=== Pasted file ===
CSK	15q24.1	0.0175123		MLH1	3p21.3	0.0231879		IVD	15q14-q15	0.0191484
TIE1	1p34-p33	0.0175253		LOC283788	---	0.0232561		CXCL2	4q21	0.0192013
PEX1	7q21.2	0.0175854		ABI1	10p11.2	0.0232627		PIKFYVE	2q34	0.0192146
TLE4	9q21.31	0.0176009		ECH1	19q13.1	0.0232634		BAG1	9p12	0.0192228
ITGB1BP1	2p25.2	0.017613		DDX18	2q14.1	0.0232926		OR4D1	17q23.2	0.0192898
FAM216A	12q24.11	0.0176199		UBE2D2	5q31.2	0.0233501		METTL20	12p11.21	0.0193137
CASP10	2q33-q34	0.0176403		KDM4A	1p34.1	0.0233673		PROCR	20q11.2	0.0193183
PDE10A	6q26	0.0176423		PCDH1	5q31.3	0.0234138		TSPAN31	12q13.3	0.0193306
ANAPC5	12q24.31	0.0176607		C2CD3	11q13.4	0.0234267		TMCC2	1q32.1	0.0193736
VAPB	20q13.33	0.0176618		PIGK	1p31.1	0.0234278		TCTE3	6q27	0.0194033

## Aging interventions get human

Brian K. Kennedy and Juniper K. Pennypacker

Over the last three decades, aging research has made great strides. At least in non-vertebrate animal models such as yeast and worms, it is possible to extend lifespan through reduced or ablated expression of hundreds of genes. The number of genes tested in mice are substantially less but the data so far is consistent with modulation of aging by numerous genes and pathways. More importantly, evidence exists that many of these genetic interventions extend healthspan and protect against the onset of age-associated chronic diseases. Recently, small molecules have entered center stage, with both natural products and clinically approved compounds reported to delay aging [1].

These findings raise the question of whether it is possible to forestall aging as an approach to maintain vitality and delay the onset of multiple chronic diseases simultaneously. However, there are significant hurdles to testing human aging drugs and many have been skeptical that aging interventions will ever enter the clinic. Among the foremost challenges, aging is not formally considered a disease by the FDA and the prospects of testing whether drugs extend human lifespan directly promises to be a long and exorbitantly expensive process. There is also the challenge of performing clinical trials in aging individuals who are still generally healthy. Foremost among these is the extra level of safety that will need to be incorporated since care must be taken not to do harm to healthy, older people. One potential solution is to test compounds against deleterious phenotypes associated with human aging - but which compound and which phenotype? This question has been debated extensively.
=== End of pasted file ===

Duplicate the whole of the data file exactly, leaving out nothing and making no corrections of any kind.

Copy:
CSK	15q24.1	0.0175123		MLH1	3p21.3	0.0231879		IVD	15q14-q15	0.0191484
TIE1	1p34-p33	0.0175253		LOC283788	---	0.0232561		CXCL2	4q21	0.0192013
PEX1	7q21.2	0.0175854		ABI1	10p11.2	0.0232627		PIKFYVE	2q34	0.0192146
TLE4	9q21.31	0.0176009		ECH1	19q13.1	0.0232634		BAG1	9p12	0.0192228
ITGB1BP1	2p25.2	0.017613		DDX18	2q14.1	0.0232926		OR4D1	17q23.2	0.0192898
FAM216A	12q24.11	0.0176199		UBE2D2	5q31.2	0.0233501		METTL20	12p11.21	0.0193137
CASP10	2q33-q34	0.0176403		KDM4A	1p34.1	0.0233673		PROCR	20q11.2	0.0193183
PDE10A	6q26	0.0176423		PCDH1	5q31.3	0.0234138		TSPAN31	12q13.3	0.0193306
ANAPC5	12q24.31	0.0176607		C2CD3	11q13.4	0.0234267		TMCC2	1q32.1	0.0193736
VAPB	20q13.33	0.0176618		PIGK	1p31.1	0.0234278		TCTE3	6q27	0.0194033

## Aging interventions get human

Brian K. Kennedy and Juniper K. Pennypacker

Over the last three decades, aging research has made great strides. At least in non-vertebrate animal models such as yeast and worms, it is possible to extend lifespan through reduced or ablated expression of hundreds of genes. The number of genes tested in mice are substantially less but the data so far is consistent with modulation of aging by numerous genes and pathways. More importantly, evidence exists that many of these genetic interventions extend healthspan and protect against the onset of age-associated chronic diseases. Recently, small molecules have entered center stage, with both natural products and clinically approved compounds reported to delay aging [1].

These findings raise the question of whether it is possible to forestall aging as an approach to maintain vitality and delay the onset of multiple chronic diseases simultaneously. However, there are significant hurdles to testing human aging drugs and many have been skeptical that aging interventions will ever enter the clinic. Among the foremost challenges, aging is not formally considered a disease by the FDA and the prospects of testing whether drugs extend human lifespan directly promises to be a long and exorbitantly expensive process. There is also the challenge of performing clinical trials in aging individuals who are still generally healthy. Foremost among these is the extra level of safety that will need to be incorporated since care must be taken not to do harm to healthy, older people. One potential solution is to test compounds against deleterious phenotypes associated with human aging - but which compound and which phenotype? This question has been debated extensively.